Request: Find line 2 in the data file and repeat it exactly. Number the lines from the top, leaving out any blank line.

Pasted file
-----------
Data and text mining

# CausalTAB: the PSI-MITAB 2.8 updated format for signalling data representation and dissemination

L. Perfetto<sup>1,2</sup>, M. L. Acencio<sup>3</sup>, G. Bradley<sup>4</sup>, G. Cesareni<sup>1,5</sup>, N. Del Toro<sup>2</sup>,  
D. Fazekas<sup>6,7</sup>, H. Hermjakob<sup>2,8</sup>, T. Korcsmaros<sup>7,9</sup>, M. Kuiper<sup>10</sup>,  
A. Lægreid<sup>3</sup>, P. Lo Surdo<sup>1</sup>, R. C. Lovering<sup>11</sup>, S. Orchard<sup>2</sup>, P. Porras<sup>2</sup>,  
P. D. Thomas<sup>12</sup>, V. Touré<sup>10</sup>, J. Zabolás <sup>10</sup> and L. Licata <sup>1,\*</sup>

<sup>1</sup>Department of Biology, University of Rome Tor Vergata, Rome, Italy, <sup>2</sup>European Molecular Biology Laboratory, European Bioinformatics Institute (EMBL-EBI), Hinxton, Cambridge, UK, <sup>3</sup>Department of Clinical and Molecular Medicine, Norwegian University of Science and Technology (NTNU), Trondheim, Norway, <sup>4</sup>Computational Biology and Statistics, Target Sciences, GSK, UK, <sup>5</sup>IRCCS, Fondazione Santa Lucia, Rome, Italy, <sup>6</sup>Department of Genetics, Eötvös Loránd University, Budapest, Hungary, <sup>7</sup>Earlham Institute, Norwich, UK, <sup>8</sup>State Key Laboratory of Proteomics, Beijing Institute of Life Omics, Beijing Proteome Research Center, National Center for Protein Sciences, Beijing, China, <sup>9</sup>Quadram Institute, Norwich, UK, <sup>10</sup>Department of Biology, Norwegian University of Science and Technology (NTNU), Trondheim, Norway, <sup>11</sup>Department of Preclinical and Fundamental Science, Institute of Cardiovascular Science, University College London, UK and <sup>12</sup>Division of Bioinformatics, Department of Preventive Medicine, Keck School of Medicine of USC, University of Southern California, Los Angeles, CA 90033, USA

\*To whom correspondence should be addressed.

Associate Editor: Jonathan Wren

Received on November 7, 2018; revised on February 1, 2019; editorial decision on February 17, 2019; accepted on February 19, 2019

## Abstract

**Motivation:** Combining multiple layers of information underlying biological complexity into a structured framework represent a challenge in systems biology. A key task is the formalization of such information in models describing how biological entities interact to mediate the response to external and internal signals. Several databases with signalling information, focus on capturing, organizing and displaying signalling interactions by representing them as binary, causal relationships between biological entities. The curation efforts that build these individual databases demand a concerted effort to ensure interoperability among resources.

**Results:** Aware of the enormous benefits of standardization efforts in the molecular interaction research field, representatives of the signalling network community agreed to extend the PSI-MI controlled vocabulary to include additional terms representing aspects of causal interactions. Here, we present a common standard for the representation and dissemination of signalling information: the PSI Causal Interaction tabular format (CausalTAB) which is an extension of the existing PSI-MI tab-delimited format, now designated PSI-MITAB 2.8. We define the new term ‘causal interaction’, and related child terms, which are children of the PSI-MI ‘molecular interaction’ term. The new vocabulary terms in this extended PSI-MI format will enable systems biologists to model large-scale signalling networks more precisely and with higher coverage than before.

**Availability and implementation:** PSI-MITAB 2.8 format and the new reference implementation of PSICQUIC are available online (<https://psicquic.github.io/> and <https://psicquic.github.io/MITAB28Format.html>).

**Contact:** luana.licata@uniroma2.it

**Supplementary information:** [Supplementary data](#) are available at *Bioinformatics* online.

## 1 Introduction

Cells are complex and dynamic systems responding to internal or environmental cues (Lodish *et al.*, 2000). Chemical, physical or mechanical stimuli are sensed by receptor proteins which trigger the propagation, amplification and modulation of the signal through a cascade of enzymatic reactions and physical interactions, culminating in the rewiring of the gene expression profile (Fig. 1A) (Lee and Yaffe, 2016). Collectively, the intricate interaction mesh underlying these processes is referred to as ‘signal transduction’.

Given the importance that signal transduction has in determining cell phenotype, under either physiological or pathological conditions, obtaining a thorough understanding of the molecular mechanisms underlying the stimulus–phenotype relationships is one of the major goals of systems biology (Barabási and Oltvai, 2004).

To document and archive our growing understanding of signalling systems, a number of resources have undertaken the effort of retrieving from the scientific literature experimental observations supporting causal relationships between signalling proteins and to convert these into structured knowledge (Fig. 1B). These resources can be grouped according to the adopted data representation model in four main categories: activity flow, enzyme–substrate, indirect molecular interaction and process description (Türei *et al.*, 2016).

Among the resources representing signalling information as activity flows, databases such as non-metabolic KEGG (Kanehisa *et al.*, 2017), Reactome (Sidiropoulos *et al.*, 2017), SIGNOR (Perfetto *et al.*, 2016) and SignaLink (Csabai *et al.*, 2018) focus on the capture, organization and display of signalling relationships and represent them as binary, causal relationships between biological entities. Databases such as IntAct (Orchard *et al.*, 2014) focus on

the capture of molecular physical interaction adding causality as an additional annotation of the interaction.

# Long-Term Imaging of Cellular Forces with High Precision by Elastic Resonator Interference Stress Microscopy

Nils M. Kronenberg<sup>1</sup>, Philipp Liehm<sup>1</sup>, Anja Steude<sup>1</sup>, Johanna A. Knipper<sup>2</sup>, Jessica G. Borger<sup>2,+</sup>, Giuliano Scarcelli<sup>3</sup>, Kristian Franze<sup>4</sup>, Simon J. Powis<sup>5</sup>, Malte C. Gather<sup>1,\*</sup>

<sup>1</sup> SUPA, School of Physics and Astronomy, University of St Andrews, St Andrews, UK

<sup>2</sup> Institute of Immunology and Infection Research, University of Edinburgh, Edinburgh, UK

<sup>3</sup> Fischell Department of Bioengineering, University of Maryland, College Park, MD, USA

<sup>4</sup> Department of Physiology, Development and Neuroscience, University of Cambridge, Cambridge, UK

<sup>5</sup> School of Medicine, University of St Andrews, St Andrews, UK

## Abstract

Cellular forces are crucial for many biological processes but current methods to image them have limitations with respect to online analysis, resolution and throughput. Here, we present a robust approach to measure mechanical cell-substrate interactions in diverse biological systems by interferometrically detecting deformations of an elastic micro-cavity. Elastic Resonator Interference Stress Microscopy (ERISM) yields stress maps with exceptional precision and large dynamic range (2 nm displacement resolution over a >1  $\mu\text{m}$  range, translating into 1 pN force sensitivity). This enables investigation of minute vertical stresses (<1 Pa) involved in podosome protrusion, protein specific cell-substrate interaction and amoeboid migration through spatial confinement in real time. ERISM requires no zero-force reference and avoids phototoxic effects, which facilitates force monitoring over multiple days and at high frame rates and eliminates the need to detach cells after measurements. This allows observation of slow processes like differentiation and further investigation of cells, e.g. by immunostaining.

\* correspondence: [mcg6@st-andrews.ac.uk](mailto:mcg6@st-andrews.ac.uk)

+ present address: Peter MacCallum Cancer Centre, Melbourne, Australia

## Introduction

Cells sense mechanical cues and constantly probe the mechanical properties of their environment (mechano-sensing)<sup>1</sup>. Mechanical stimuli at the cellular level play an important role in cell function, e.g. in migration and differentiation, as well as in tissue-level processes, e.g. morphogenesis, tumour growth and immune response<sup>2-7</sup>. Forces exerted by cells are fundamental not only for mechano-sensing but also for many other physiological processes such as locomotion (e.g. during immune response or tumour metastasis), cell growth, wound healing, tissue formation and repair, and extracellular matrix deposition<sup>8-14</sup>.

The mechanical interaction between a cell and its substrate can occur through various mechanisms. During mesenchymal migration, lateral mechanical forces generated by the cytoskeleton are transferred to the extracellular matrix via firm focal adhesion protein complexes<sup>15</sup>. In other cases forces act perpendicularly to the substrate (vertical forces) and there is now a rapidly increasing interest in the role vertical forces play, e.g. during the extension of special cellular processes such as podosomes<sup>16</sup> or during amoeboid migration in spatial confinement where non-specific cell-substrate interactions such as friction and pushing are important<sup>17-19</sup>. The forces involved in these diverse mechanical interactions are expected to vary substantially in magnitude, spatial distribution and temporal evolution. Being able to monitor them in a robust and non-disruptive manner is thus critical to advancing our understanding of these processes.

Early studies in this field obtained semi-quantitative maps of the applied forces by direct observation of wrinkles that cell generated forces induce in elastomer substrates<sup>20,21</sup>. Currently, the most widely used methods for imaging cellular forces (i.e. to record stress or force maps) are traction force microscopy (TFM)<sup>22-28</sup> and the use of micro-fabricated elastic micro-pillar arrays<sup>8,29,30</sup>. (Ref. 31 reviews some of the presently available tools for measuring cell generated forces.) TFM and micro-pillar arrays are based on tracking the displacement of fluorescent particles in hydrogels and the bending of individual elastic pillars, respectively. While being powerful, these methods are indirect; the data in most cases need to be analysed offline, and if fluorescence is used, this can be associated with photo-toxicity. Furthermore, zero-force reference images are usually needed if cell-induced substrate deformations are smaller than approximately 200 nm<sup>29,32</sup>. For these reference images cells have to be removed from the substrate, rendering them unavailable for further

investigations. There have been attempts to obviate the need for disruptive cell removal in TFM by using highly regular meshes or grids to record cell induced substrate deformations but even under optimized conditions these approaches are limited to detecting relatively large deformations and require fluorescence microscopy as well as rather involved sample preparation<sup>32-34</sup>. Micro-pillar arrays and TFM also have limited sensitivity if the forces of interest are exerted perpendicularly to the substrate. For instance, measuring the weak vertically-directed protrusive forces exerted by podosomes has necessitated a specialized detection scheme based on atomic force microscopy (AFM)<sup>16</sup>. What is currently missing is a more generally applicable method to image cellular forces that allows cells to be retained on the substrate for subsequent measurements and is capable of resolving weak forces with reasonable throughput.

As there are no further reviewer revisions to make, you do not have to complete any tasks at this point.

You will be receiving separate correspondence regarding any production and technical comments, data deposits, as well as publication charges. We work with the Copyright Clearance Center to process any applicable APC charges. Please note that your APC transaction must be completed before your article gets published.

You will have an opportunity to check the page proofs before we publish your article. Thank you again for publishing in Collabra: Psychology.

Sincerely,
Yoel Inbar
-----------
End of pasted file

# CausalTAB: the PSI-MITAB 2.8 updated format for signalling data representation and dissemination